Top Ten Things Every Clinician Should Know About the 2018 Cholesterol Guidelines

January 9, 2019

The American Heart Association / American College of Cardiology (AHA/ACC) Task Force recently published the 2018 Guideline on the Management of Blood Cholesterol. The guidelines writing committee had representation from 12 organizations, including the National Lipid Association, American Diabetes Association, and the American Pharmacists Association — all of whom endorsed the guidelines. The previous guidelines (published in 2013) were intended to answer some specific clinical questions and significantly changed our approach to treatment. The 2018 guidelines provide a more comprehensive set of recommendations, akin to the (older) National Heart, Lung, and Blood Institute Adult Treatment Panel (ATP) III guidelines last published in 2002!

Guest Authors:  Dawn Fuke, Pharm.D., BCPS, and Zach Conroy, PharmD, BCACP

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Another Attempt to ARRIVE at an Answer Using Aspirin for Primary Prevention

December 14, 2018

Daily low-dose aspirin has long been considered a “wonder drug” for its cardioprotective effects, particularly in patients with pre-existing cardiovascular and cerebrovascular disease; however, despite decades of research, the use of aspirin to prevent a first event is less certain. In 2014, the Food and Drug Administration (FDA) responded to a citizen petition requesting the labeled indications for low dose aspirin be updated to include primary prevention. The FDA concluded that the evidence “fail[ed] to establish that aspirin reduces the risk of primary myocardial infarction (MI) in patients with a coronary heart disease (CHD) risk of 10% or more for over 10 years.” The Asprin to Reduce Risk of Initial Vascular Events (ARRIVE) study is intended to address this gap in our knowledge.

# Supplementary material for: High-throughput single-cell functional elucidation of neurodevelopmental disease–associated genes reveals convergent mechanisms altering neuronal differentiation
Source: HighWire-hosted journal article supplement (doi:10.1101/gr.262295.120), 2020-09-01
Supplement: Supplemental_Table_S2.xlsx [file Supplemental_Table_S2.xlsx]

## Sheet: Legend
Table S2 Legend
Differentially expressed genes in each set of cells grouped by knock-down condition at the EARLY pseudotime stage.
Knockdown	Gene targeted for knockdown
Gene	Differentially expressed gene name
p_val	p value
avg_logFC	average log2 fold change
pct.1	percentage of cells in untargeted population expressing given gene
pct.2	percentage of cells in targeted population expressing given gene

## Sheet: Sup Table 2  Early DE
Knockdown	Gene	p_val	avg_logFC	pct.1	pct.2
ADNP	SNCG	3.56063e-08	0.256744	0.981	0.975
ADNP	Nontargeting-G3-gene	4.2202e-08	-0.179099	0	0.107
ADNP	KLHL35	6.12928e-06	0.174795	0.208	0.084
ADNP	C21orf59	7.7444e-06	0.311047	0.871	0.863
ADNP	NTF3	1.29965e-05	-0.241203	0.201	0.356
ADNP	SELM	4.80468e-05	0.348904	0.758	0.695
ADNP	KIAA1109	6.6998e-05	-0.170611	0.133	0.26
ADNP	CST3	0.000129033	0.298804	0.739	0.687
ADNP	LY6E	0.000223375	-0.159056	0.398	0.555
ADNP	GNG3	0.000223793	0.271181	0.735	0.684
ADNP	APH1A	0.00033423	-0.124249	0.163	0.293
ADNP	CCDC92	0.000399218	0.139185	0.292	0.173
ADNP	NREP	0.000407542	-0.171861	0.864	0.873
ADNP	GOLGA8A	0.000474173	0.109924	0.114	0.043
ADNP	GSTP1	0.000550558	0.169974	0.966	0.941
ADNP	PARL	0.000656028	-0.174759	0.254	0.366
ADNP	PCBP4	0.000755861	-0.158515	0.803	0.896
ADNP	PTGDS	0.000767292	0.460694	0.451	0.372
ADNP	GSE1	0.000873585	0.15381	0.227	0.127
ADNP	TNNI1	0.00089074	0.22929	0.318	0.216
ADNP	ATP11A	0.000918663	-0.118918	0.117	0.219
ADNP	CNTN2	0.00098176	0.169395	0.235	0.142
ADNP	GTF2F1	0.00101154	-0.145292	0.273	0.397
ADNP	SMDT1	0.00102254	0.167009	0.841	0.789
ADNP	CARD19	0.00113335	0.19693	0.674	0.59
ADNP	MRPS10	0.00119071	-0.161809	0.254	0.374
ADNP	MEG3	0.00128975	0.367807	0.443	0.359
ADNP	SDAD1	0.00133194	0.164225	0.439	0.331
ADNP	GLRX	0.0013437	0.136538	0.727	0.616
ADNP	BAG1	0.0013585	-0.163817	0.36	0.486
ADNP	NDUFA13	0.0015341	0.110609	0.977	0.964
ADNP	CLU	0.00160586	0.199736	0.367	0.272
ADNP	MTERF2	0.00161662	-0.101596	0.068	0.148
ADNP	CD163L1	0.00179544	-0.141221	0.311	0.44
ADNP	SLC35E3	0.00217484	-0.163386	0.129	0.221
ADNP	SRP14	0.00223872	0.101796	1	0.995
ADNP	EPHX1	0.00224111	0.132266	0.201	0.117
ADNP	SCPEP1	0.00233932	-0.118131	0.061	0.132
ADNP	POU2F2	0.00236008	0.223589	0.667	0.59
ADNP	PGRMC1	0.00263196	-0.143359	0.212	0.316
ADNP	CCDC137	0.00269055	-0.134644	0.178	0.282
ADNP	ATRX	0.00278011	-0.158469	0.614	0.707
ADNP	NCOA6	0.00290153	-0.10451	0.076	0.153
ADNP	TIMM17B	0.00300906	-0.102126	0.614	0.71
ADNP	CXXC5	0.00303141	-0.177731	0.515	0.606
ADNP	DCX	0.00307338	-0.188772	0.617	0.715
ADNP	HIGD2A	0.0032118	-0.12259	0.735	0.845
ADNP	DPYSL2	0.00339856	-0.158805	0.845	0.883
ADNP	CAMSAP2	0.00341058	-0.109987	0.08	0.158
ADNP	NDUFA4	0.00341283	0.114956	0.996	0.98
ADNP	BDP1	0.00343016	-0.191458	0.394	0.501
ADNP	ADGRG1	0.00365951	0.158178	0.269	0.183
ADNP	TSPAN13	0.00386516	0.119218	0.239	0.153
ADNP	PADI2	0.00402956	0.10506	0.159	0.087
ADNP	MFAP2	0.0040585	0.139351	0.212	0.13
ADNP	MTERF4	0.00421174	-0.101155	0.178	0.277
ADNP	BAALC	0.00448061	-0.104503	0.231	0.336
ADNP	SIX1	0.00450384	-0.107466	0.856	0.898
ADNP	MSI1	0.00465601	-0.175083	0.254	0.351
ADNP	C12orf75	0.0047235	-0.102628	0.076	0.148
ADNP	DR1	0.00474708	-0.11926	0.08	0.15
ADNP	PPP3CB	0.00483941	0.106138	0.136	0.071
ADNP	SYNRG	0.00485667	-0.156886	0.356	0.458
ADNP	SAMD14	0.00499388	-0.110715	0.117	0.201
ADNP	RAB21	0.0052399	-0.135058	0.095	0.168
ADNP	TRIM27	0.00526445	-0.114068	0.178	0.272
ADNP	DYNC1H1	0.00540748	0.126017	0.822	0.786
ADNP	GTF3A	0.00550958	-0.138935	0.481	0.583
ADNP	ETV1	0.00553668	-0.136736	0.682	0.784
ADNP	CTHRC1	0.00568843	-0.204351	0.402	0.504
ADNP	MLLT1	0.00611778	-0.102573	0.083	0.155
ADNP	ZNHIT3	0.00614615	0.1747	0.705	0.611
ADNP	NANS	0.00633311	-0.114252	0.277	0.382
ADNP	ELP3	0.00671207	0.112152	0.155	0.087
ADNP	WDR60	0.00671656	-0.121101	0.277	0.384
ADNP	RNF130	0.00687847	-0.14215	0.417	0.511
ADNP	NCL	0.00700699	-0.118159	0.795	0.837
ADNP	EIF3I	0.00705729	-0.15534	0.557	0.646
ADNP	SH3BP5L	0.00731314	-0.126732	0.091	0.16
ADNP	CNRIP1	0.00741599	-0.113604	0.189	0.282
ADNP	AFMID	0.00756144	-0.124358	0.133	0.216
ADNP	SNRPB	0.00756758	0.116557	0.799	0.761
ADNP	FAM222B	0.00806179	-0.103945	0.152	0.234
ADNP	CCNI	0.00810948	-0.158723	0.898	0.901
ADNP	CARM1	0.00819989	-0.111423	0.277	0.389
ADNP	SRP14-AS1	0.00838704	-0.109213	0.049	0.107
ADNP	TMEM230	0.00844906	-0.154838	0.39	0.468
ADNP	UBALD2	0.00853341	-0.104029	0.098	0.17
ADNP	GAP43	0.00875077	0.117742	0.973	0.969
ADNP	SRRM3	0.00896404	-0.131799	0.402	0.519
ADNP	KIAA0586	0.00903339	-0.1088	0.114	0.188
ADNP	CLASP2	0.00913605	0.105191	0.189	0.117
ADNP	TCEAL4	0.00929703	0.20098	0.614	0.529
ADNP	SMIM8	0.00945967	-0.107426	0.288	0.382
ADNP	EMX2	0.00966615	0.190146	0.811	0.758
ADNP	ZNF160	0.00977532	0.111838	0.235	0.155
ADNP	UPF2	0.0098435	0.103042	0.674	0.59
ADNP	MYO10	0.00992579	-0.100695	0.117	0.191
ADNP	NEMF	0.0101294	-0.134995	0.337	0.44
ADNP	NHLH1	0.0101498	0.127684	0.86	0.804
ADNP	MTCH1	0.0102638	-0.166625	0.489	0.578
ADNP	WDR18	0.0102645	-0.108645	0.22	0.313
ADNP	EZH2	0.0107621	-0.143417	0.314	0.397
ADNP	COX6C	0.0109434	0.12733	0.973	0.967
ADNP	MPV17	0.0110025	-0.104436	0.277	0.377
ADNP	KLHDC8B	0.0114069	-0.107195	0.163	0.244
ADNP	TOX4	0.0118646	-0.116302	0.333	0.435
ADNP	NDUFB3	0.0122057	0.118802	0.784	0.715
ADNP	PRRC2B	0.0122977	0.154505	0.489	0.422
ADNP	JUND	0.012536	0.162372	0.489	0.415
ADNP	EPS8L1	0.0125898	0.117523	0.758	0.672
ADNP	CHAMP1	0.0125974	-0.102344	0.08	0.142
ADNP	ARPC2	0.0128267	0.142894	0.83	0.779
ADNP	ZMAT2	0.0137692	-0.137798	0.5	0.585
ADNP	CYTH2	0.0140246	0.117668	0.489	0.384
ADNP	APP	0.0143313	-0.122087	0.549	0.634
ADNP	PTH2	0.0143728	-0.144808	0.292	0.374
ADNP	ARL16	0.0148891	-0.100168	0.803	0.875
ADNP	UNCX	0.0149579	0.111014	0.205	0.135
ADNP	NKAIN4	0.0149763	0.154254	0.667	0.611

Guest Authors:  Amy St. Amand, PharmD, BCPS and Christine Borowy, PharmD, BCPS

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Aspirin for Primary Prevention of CV Events in Diabetes - Is the Evidence ASCENDing?